Words are born with a meaning.
Sometimes they get lassoed by another meaning.
Sometimes their definition is diluted by fashion and circumstance.
Words acquiring new meanings is a good thing. The Urban Dictionary, for instance, is full of words that started out doing one thing and then changed career.
This museum contains a list of words, the meanings of which have been destroyed by fashion or consultants. These words are relics.
Avoid cheap imitations of these words in the stalls outside.
Curate / curator
The traditional definition of a curator is a person who manages, administers or organizes a collection, employed by a museum, library, archive or zoo. Today, a curator is someone who chooses things – from toast, to cheese, to beards, to cereal to cauliflowers.
Guru used to mean someone revered who dispensed life-changing advice. Today it can mean someone who explains what a hashtag is.
Disrupt dates back to late Middle English. It used to mean ‘broken apart’. Today it means changing the way we order something via an app on our phone so that it is theoretically quicker and so that venture capitalists can buy another yacht. It can also mean breaking apart investors and their wealth.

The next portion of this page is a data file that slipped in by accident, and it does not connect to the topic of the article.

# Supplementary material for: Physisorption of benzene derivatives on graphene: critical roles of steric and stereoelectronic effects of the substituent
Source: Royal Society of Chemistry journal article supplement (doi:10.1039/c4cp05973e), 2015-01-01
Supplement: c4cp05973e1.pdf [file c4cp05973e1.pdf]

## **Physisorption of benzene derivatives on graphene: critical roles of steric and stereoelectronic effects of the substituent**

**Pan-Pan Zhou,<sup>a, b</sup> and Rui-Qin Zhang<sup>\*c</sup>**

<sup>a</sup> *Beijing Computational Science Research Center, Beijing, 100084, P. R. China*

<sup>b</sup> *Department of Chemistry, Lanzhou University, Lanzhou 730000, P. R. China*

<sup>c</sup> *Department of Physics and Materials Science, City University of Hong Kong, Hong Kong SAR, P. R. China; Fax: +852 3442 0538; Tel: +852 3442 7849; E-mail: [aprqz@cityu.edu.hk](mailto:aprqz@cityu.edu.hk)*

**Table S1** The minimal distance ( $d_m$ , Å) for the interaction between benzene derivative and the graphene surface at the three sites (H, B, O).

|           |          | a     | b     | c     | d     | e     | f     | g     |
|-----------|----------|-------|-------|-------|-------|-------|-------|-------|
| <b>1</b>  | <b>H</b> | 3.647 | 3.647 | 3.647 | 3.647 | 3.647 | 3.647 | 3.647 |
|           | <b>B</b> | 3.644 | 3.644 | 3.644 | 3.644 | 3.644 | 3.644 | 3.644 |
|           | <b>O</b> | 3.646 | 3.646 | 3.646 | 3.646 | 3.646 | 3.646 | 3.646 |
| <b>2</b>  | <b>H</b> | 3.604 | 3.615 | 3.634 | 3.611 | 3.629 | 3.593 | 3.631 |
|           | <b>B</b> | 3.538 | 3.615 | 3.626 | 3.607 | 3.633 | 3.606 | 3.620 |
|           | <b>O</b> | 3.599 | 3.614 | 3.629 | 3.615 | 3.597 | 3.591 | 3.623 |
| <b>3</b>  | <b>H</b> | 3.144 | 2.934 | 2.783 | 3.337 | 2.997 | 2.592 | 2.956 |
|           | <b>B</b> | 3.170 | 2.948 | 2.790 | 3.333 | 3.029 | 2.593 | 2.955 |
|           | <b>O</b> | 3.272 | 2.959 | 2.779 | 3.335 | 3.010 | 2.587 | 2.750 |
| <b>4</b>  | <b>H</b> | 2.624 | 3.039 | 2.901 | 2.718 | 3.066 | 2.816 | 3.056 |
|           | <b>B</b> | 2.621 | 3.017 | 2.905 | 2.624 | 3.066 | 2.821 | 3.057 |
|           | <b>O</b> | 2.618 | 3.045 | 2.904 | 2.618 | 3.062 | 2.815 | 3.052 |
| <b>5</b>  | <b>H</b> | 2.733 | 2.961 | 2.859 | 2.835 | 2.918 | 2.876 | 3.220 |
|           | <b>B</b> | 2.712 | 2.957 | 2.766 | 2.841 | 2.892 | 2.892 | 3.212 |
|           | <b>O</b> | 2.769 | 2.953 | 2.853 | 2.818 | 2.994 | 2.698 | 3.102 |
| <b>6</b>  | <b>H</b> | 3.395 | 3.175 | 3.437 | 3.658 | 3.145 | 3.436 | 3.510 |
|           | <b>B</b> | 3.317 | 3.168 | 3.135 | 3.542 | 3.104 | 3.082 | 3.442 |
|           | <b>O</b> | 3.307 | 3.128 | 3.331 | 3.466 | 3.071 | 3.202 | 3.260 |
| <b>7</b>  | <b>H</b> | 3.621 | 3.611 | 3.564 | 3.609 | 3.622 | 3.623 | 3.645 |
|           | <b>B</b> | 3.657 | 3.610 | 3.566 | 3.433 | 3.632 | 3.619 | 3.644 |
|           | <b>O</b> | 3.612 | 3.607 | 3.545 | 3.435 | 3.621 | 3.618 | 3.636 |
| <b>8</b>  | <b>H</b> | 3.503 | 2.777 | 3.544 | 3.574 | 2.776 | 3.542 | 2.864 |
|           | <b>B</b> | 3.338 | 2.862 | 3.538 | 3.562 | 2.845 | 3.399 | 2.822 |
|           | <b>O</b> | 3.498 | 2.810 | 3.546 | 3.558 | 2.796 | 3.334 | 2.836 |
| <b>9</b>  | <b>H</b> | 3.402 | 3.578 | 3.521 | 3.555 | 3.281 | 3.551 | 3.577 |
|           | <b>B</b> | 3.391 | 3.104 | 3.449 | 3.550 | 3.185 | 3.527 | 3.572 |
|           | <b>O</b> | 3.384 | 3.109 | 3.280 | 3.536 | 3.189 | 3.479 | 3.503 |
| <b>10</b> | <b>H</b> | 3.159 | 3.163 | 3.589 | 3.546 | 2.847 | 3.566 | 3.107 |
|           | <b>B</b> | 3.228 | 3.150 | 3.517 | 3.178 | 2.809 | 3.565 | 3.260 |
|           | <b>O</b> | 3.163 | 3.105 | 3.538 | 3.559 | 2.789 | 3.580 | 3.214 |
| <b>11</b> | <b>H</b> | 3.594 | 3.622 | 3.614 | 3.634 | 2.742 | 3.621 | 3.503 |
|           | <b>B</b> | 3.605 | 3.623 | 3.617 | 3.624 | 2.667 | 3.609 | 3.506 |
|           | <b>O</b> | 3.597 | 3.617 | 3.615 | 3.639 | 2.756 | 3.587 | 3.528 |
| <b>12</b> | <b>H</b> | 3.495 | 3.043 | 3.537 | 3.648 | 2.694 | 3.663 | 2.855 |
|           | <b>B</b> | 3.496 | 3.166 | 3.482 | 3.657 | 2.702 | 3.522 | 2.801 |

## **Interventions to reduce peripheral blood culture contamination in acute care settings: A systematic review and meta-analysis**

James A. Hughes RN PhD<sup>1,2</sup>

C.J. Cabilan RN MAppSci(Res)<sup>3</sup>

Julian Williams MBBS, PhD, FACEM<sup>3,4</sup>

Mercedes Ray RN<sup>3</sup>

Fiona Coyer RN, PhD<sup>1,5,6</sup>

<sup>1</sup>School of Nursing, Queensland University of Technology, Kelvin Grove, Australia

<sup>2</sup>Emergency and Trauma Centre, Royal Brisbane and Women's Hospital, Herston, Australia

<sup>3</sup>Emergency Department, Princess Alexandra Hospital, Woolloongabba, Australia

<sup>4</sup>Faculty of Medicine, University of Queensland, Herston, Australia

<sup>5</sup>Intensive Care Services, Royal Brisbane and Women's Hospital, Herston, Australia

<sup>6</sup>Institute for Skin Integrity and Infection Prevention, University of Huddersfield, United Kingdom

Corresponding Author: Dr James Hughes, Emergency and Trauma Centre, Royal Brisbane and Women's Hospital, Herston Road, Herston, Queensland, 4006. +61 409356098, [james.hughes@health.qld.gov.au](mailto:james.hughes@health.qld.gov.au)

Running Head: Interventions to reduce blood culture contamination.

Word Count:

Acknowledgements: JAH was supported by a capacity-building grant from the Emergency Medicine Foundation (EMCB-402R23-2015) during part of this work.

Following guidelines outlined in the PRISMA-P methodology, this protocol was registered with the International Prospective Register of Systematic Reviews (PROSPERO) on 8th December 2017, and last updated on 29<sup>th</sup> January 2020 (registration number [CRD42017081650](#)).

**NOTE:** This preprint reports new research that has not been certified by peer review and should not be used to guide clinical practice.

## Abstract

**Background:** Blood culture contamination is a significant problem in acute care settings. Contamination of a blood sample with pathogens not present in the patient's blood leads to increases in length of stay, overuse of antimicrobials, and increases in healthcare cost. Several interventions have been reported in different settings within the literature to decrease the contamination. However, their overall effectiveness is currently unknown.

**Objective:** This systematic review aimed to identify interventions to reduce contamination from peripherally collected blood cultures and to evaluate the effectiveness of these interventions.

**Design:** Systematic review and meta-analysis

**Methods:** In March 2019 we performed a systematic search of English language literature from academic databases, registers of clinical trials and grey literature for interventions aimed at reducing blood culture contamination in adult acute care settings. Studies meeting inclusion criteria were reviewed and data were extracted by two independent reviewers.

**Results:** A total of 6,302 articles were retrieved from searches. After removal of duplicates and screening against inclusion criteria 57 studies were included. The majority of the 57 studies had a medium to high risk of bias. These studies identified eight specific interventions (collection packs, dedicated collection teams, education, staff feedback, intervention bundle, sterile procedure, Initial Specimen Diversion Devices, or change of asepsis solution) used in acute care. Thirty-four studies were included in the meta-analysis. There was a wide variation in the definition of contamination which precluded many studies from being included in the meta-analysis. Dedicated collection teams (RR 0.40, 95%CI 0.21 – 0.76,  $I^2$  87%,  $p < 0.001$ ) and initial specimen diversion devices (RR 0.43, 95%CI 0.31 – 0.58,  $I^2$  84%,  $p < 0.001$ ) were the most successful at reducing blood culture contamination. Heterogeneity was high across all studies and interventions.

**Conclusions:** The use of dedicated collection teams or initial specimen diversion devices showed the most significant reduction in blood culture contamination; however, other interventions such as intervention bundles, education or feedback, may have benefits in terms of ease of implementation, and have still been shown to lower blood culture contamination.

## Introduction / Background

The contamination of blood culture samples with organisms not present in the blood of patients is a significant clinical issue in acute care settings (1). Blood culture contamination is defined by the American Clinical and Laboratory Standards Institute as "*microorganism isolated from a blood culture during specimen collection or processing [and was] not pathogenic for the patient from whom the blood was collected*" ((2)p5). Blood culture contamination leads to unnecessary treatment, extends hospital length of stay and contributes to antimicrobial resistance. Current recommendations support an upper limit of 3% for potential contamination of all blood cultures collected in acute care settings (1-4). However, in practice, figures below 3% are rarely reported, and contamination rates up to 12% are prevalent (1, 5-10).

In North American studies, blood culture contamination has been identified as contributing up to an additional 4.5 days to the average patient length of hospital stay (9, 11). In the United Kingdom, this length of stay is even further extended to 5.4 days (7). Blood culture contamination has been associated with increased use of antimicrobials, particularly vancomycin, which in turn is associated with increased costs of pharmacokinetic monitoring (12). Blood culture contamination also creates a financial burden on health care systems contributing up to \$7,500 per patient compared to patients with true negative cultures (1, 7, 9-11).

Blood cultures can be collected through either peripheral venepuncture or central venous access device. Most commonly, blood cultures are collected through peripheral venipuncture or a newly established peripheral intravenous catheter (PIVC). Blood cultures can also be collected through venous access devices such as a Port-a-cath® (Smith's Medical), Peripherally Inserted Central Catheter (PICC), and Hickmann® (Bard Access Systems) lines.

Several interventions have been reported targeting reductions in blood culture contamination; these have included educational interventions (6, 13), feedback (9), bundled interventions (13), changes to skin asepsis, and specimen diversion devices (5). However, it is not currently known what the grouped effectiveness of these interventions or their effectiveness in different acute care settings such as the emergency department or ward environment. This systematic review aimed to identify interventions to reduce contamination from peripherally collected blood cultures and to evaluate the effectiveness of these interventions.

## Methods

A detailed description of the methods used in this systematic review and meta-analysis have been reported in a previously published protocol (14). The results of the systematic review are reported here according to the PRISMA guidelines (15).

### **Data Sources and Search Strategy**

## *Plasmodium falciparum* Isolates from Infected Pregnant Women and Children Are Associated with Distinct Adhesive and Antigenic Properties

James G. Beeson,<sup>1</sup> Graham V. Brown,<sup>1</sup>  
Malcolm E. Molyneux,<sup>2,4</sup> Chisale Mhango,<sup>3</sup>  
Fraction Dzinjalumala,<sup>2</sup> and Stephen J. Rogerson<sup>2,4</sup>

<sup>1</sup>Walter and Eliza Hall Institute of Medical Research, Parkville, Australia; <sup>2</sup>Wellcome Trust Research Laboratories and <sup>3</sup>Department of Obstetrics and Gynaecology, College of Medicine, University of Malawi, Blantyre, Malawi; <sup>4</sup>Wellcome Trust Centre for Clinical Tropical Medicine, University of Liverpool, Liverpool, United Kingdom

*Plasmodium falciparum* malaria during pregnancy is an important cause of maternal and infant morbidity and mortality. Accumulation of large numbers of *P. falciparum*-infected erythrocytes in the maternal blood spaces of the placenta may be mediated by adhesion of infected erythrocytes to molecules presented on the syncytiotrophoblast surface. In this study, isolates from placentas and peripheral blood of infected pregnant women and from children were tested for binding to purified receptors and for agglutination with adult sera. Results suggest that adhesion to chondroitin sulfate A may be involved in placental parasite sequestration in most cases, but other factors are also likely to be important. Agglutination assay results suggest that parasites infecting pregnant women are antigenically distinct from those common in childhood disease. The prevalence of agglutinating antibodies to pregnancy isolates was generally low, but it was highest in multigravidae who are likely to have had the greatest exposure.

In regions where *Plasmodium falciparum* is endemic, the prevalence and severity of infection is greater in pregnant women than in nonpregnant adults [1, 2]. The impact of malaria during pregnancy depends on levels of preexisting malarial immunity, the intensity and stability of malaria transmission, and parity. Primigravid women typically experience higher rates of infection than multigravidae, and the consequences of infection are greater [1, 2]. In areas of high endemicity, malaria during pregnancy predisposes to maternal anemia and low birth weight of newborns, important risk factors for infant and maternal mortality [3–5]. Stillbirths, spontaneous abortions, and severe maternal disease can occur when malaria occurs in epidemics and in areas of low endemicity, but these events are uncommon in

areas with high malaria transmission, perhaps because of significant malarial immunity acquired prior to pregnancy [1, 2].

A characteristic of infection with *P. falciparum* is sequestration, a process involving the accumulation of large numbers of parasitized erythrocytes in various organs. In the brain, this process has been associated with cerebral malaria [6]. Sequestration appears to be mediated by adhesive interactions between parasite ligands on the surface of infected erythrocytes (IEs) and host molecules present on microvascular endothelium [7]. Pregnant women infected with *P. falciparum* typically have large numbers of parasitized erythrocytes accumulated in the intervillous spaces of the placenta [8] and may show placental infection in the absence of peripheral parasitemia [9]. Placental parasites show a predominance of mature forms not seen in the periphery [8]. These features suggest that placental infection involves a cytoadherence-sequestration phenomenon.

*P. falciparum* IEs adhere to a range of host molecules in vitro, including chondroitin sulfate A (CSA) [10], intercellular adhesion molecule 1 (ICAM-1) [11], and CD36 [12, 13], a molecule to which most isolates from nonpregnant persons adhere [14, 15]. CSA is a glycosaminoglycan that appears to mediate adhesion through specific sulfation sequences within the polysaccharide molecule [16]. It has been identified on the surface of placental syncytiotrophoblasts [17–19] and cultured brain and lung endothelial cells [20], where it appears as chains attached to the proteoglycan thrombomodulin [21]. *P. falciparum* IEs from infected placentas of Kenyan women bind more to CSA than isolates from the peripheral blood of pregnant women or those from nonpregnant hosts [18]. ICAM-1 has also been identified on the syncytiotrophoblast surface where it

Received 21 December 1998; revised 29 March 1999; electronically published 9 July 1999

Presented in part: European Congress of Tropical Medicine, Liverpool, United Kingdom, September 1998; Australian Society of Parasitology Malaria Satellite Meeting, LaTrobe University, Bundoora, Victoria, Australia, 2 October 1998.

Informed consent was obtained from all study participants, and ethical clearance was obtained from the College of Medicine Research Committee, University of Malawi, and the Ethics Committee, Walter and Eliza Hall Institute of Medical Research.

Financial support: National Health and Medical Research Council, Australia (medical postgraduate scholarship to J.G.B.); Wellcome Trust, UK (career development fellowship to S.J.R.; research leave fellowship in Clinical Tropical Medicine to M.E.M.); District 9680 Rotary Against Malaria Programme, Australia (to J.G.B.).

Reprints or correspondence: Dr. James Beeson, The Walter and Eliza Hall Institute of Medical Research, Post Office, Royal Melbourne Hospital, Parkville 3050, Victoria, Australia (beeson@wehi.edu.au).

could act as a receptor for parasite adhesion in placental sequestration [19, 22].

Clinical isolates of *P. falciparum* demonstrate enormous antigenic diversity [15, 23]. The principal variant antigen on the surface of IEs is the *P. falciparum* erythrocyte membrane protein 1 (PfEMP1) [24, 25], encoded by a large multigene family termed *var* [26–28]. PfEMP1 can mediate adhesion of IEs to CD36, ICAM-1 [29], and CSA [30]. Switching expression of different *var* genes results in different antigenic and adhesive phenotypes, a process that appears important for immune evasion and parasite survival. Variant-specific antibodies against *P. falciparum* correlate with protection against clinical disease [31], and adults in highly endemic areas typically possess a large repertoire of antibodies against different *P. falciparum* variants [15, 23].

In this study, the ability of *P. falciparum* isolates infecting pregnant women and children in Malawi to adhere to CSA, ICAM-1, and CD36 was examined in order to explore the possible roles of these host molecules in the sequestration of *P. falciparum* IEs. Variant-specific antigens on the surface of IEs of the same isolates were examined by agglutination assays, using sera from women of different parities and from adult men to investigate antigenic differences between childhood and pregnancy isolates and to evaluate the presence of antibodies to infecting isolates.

An entrepreneur used to be someone who was no stranger to taking risks in return for potential profit. Today it can mean someone who is no stranger to self-regard. There are now influpreneurs, cafepreneurs, chiropreneurs, gradpreneurs, beardpreneurs (what is it with beards?), hipsterpreneurs, artisanpreneurs, ultrapreneurs (a new breed of superhero), solopreneurs, fatherpreneurs, christianpreneurs, veganpreneurs, foodpreneurs, ganjapreneurs, freedompreneurs, mrpreneurs and manurepreneurs. I sh*t you not.
Awesome dates back to the late 16th century. It used to mean ‘extremely impressive’ or ‘daunting’. It was a word saved for life-defining moments. Today it means ‘passingly notable’, as in ‘I had an awesome salad at lunchtime’. It can also mean ‘OK’, as in “see you later, dude.” “Awesome”.
More soon. Please send any words for the collection to firstname.lastname@example.org.